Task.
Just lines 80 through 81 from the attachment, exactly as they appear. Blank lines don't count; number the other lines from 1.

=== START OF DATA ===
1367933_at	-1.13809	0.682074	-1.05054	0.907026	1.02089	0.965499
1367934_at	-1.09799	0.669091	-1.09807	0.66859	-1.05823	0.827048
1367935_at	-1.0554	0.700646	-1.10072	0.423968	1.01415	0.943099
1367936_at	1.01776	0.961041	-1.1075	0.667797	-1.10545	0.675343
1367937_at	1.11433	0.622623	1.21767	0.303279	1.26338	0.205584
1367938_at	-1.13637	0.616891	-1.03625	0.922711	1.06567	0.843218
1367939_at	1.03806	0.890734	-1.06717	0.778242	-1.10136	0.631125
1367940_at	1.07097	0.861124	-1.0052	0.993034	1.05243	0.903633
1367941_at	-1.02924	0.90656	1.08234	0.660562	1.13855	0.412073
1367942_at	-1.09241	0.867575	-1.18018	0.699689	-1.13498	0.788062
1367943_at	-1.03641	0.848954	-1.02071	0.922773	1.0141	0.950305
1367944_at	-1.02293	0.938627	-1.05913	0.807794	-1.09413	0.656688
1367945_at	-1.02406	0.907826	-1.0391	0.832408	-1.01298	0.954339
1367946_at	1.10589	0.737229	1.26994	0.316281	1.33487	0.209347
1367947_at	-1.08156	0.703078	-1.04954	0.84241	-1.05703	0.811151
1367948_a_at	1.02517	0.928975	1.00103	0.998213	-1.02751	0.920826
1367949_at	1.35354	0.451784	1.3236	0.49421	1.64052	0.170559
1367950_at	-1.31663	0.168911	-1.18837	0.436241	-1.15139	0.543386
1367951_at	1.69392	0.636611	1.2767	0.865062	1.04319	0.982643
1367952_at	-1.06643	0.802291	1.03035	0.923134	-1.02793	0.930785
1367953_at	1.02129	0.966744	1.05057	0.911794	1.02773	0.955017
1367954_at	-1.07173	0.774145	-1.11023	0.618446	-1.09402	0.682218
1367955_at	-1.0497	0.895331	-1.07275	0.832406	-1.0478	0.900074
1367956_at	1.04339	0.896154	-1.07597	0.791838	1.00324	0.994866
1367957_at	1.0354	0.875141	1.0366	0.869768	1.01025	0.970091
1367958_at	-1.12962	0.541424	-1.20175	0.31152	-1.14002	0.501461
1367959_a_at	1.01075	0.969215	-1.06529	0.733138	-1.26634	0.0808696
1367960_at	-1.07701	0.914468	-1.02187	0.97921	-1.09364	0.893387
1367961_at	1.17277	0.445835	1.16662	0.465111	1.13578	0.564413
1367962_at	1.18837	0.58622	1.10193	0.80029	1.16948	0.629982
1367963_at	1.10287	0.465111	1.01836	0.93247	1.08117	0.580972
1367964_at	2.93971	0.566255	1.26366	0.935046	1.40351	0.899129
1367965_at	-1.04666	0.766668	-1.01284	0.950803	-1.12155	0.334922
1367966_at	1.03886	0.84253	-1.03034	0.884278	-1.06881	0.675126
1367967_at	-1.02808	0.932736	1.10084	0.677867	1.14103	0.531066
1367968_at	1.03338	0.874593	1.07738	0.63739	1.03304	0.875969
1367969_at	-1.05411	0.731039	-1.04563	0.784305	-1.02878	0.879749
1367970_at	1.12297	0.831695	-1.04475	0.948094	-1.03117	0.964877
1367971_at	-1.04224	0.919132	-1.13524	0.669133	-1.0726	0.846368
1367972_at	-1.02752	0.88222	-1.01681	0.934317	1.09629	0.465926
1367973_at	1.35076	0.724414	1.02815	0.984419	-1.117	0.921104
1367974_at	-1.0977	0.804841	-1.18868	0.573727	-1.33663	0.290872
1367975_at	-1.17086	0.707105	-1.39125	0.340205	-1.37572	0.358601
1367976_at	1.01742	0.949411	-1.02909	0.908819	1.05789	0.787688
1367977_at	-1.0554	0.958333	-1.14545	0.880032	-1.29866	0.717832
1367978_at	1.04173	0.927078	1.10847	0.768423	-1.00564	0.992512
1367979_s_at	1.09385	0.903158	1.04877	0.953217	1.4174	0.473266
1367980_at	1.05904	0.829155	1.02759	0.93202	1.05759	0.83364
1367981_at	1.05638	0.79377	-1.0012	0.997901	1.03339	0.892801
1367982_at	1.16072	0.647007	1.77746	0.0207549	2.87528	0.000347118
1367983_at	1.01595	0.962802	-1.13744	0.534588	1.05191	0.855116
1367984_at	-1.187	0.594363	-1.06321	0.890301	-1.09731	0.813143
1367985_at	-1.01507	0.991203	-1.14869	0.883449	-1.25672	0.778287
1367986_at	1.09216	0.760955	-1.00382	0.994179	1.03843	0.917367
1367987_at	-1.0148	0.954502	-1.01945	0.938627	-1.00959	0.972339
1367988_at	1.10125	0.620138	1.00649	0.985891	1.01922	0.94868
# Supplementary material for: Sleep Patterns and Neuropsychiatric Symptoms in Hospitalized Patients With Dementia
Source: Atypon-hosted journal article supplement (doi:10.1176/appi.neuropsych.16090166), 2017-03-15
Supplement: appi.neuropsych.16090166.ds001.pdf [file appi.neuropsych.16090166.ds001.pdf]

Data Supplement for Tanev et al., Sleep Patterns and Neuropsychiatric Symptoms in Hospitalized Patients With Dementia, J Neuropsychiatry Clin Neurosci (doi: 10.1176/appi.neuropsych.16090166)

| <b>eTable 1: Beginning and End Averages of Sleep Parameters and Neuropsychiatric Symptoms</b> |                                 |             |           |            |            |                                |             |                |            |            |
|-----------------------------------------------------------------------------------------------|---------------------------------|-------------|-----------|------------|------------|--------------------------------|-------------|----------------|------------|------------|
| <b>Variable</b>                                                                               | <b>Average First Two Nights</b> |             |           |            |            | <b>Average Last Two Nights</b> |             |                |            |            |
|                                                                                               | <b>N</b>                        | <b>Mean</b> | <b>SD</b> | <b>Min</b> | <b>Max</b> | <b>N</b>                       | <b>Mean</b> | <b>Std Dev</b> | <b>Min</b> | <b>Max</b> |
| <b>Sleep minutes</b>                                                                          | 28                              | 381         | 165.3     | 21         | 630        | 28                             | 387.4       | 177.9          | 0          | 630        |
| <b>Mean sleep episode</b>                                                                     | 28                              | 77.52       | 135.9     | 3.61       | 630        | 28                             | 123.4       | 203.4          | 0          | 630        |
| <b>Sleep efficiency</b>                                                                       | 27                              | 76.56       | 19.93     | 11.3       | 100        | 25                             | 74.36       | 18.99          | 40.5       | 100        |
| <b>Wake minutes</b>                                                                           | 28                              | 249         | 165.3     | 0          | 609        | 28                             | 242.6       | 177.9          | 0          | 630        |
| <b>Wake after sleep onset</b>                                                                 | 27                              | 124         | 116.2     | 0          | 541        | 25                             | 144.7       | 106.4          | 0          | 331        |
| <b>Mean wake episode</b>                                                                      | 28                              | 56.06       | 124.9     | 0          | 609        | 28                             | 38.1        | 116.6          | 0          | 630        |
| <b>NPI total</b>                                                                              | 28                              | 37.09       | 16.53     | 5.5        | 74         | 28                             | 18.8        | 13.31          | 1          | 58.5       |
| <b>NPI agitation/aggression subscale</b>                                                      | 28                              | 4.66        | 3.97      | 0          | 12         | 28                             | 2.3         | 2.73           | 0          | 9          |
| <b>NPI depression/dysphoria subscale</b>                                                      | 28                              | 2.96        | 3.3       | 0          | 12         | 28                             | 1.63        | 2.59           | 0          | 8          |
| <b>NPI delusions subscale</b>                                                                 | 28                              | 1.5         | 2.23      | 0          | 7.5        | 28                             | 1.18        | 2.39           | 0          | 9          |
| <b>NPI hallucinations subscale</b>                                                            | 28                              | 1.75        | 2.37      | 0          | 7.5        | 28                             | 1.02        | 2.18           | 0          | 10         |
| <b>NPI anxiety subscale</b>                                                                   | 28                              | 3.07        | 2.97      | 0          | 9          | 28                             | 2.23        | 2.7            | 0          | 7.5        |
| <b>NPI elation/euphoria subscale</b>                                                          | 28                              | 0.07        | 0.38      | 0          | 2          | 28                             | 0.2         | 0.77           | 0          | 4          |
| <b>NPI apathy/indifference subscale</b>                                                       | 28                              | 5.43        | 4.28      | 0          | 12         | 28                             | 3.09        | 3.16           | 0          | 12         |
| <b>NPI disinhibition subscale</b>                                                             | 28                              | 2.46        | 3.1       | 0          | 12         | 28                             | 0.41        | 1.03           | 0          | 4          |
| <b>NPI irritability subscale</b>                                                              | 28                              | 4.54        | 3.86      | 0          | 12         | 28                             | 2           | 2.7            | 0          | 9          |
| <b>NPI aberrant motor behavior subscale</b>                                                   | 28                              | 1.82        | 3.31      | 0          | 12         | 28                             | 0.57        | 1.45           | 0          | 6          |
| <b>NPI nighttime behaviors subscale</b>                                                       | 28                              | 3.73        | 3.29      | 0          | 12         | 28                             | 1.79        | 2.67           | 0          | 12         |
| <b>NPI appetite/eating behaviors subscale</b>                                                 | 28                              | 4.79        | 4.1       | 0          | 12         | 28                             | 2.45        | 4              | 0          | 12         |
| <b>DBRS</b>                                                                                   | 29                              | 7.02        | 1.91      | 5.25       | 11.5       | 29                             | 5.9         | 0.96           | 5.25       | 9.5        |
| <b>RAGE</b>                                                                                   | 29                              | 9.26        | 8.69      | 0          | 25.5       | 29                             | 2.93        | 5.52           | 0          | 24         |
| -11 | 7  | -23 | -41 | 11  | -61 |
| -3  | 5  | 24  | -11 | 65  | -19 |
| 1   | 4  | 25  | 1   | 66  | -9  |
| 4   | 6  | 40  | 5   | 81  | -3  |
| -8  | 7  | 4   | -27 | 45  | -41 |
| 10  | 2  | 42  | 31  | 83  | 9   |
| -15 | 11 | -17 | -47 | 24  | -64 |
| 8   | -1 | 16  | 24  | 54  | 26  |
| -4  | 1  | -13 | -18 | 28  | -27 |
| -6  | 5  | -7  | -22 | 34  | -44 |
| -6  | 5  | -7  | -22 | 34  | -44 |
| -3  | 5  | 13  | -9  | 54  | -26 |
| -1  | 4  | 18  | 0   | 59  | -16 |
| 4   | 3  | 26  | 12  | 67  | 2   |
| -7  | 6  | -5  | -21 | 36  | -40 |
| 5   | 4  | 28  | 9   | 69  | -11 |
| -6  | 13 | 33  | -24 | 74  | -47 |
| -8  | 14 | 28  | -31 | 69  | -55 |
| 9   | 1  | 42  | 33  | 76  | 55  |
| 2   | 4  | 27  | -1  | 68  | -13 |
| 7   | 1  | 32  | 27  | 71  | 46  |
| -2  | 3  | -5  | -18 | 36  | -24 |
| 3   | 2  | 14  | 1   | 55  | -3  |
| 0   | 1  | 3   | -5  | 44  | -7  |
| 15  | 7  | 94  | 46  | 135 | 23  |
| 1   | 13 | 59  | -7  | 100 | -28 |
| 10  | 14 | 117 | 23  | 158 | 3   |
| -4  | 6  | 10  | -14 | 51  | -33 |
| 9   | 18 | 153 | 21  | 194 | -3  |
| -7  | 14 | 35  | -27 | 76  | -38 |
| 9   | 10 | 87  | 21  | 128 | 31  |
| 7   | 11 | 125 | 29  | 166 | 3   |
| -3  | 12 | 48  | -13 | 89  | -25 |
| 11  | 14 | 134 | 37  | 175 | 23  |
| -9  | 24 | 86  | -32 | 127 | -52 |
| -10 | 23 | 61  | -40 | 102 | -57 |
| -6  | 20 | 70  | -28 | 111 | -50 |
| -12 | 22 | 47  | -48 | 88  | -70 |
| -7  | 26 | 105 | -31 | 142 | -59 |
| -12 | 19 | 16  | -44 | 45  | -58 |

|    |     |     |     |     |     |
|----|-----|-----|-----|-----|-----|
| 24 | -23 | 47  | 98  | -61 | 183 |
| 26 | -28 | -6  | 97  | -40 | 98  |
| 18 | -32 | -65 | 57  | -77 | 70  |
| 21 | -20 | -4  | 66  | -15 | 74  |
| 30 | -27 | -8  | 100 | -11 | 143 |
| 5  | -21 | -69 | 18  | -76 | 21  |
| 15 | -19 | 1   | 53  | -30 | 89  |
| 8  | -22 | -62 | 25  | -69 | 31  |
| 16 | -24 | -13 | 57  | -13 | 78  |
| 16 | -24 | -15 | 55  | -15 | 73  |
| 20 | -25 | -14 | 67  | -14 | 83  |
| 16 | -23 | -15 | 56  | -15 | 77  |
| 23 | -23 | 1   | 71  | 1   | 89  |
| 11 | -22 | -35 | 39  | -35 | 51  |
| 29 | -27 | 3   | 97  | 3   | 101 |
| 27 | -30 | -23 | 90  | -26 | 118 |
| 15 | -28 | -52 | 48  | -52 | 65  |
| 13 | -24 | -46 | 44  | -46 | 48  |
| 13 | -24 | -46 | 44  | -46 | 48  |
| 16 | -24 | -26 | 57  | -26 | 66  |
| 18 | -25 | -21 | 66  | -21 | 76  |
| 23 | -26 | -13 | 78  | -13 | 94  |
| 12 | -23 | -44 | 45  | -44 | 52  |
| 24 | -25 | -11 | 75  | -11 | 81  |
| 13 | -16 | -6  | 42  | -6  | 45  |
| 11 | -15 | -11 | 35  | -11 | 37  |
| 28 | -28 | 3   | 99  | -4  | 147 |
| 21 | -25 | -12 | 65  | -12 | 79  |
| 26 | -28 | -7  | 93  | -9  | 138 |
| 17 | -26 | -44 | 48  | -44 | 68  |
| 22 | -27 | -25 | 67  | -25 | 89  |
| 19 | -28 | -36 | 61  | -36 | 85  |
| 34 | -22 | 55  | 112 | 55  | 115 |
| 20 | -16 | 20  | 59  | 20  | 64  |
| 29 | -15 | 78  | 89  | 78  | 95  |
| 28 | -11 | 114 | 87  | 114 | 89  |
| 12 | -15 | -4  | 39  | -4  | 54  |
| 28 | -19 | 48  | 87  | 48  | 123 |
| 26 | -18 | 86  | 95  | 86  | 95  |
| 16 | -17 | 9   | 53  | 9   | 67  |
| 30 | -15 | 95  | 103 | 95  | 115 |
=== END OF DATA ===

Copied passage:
| <b>NPI irritability subscale</b>                                                              | 28                              | 4.54        | 3.86      | 0          | 12         | 28                             | 2           | 2.7            | 0          | 9          |
| <b>NPI aberrant motor behavior subscale</b>                                                   | 28                              | 1.82        | 3.31      | 0          | 12         | 28                             | 0.57        | 1.45           | 0          | 6          |